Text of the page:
In this community, Cotiara finds a new opportunity for the future life of which he was robbed. However, this future is not idealized. This character is burdened by the murder of his beloved cangaçeira
, Flor de Lis, his new condition as human–machine cyborg and the special connection he feels with the dry environment, so much that he later chooses to get lost in the vegetation of the sertão
. In the section on graphic novels inspired by cyberpunk in Chile, King and Page
) point out that these novels use cyberpunk to challenge cyberculture’s stimulation of transcendence of the body to instead insist on the significance of “embodiment in human experience” (p. 109). Rather than a critique of the social impacts of technology, the engagement with bodily transcendence in Cotiara and Avelino in the comic has the function of activating cultural memory on the historical conflict around land rights and access to sources of life as water in the region. When Rosa, the group’s hacker, accesses Cotiara’s memory, she recovers a judicial document: a land tenure contract stating that Cotiara had bought the land where the community is located at Morro de Preá one hundred years ago. This past recovery, made possible by technology, stands as a territorial claim coming from the past to affect the future of disadvantaged groups. The comic activates then questions about sustainable land use and territorial rights, as one of the characters exclaims ironically: “Never had a deceased returned and claimed a property but this slaughter pressed the government” (Wellington and Geovani 2018a
, p. 66, my translation). In this comic, the human–machine link characteristic of cyberpunk connects the cybernetic flows of hyper-connection with the energy of the mangrove and rivers to dynamize the question about land rights for disenfranchised communities in times of severe climate change.
Both visual productions studied incorporate how media channels the violence inflicted on those communities to encourage a reflection on how these communities are portrayed. As we have seen, in Bacurau
, the TV reality show and the news channel send negative images of Bacurauans. Cangaço Overdrive
fictionalizes social media and troll culture created to influence public opinion about poor areas. These vignettes in the comic show threads of conversations in social media, consisting of messages by bloggers and social media users that find the violence inflicted in those regions as a spectacle. Others represent trolls that try to influence public opinion from right-wing ideologies, for example, “TheRightHand,” which expresses: “Tem que matar mesmo esses bandidos #bbbm” (Wellington and Geovani 2018a, p. 53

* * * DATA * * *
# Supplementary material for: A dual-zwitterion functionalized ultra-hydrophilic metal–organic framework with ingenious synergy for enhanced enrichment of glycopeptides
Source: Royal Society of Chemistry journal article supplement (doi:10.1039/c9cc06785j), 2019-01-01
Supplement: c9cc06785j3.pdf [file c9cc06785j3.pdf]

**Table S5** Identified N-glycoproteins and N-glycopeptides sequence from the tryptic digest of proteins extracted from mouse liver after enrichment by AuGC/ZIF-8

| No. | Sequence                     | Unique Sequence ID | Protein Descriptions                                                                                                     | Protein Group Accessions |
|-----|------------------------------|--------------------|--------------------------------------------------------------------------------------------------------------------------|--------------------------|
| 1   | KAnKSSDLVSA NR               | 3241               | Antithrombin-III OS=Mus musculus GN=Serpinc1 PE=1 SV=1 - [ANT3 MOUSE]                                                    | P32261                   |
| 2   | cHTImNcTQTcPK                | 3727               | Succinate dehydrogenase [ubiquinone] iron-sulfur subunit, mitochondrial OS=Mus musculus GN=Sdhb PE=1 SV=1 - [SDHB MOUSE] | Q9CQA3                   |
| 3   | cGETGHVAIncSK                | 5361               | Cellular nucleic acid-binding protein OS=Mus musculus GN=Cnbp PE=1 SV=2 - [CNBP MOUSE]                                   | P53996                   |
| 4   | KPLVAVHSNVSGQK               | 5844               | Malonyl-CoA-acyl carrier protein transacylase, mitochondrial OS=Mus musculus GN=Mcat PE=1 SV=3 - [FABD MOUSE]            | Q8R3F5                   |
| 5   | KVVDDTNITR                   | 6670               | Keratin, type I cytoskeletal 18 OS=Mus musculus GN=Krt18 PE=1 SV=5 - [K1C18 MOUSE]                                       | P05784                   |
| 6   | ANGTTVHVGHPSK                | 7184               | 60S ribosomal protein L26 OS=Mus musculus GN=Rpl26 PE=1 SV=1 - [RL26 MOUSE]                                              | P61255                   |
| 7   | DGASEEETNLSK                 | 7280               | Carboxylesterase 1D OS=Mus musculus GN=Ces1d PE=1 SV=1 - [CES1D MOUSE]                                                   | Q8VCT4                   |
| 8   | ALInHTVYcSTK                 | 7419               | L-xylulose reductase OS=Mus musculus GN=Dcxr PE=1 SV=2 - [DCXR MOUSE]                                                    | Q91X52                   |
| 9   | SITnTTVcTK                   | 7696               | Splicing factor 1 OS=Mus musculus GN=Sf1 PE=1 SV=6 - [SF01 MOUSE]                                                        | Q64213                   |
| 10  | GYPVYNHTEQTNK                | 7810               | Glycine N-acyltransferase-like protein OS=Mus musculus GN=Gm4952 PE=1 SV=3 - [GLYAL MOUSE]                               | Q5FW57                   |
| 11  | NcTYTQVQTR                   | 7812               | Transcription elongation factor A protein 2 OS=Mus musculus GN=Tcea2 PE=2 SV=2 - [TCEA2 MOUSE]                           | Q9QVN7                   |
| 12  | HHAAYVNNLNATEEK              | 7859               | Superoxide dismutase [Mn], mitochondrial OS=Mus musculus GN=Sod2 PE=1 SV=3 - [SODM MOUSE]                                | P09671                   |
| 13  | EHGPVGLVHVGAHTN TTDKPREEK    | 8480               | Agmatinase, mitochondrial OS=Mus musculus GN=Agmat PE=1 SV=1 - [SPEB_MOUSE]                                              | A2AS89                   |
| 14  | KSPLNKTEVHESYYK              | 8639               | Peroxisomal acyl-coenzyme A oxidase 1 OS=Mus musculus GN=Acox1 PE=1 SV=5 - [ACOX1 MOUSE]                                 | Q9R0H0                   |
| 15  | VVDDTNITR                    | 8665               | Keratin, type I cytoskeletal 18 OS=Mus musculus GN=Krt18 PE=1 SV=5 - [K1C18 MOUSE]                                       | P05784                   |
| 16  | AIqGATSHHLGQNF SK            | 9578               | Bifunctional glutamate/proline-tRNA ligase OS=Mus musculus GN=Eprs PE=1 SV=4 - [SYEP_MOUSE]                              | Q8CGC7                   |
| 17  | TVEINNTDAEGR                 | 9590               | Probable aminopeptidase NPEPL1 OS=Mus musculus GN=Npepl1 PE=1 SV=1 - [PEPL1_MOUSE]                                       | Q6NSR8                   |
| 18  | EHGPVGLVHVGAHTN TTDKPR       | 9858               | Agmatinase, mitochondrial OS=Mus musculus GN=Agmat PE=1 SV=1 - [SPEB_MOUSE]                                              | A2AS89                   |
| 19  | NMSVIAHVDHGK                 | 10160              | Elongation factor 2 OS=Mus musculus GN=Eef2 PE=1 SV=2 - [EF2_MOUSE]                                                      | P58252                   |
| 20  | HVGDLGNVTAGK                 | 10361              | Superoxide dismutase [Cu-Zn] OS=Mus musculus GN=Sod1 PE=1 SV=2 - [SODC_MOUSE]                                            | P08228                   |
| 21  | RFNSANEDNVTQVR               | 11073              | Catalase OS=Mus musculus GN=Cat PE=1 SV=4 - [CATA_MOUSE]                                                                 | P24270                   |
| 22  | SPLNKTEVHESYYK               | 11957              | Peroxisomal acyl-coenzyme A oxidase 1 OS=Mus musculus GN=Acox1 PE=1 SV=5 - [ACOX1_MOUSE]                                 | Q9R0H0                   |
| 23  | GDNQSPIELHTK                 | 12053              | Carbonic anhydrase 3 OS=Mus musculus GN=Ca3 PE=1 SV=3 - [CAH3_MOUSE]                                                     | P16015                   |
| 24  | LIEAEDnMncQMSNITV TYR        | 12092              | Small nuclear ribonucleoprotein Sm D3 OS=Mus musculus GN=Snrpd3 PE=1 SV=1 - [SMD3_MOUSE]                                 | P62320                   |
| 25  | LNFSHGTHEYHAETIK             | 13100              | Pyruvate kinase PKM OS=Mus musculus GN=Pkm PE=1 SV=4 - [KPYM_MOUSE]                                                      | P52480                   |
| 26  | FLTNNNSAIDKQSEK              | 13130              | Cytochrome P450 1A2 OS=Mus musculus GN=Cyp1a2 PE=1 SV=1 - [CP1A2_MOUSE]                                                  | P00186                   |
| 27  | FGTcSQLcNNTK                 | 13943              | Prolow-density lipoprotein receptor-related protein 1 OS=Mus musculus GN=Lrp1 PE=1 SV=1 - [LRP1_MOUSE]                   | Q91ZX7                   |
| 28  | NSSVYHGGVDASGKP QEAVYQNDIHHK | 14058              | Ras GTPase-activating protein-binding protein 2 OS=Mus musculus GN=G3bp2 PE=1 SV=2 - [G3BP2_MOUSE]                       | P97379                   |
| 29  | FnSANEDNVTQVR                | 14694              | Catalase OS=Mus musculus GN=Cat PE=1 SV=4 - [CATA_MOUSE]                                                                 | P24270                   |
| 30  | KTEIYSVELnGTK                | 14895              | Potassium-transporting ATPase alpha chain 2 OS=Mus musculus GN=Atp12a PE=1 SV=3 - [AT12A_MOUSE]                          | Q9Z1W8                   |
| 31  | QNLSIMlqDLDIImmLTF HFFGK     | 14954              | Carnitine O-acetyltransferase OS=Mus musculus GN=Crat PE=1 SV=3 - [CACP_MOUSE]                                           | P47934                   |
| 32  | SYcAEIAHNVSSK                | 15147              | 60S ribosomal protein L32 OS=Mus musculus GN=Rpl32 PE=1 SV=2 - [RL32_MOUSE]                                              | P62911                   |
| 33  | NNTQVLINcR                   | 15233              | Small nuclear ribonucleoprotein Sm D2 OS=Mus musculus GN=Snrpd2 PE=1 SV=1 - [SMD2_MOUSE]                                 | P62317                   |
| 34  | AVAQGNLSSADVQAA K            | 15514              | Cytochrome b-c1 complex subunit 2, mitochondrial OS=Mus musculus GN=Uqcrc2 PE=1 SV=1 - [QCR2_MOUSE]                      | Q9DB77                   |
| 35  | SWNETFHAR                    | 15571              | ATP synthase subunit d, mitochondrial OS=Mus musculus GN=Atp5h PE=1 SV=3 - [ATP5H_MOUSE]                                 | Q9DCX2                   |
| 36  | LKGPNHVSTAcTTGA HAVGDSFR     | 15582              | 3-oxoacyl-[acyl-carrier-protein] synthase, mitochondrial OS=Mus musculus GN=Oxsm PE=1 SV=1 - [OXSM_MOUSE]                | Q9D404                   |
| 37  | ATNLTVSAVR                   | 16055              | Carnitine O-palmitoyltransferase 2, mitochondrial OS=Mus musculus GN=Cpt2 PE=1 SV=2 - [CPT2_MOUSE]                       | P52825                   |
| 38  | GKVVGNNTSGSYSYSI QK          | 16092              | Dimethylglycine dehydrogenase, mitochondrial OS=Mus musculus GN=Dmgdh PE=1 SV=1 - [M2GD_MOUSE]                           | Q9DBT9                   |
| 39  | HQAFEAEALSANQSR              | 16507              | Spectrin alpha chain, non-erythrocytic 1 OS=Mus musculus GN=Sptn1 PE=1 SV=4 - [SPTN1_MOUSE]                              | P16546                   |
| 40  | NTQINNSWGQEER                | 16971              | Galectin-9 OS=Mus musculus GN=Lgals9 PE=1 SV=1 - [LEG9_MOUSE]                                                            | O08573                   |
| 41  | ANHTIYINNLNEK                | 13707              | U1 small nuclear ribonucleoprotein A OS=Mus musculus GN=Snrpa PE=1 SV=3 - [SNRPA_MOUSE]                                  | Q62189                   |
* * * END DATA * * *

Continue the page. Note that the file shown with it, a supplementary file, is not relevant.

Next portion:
). Both these voices and the cordelista
narrator are directed to the reader-spectator as well as the intradiegetic world, opening for reflections on the spectacularization of violence in favelas and other marginal places, both in Brazilian society and in the genre of cyberpunk, part of the sertãopunk. Aware of the thirst for battles in cyberpunk’s readers/spectators and in a Brazilian audience who is constantly fed with violence in media, Lila, the cordelista
narrator, speaks directly to the audience explaining the need to look to history or pointing out that violence should be placed in a historical context, as when Lila explains: “The reader probably likes/futurist things//But to tell the story/Trust this cordelista//We will return a hundred years…” (Wellington and Geovani 2018a
, p. 13, my translation). This metanarrative strategy does not only allow flashbacks, but it also frames the future envisioned in the comic as an oral song sung by local poets, thus grounding the future-making practice not in technological advancement as in typical cyberpunk, but in traditional verse and its prediction power.
After the confrontation where the community in Ceará triumphs, not so much due to their force but to the property title found in the name of Cotiara, who in turn yielded the rights to the community, this anti-hero chooses to return to the desert of caatingas. Instead of staying with the community, Cotiara decides to make community with the cacti, reptiles, and other nonhumans, while remaining an outlaw. In this way, Cotiara’s body highlights hybrid assemblages between life, death, organic materials, and machine that make up this cyborg sertão, lifeforms that do not count as agents in human-centered sustainability discourses relying on a lineal vision of futurity and an idea of well-being for human generations.
As a recurring feature in Afrofuturism, I want to call attention to the box18
where Cotiara was found unconscious and kept alive by machines. North American Black futurism makes use of objects such as boxes in connection to time-machine rooms as a tool to summon the dead ancestors and call for reversals of time that can infiltrate dominant futures (Al-Maria et al. 2021
). Similarly, the box where Cotiara is found in the comic, as I argue, echoes the museum in Bacurau
, and constitutes a tool containing a body from one hundred years ago that is opened to become useful in the future of this community. Hence, the oppositional cyborgian cangaçeiro contained in the found box breaks the linear temporality to unravel a hybrid body that opens multiple speculative futures, which in turn connect with the cultural history of Afrodescendants in the American continent.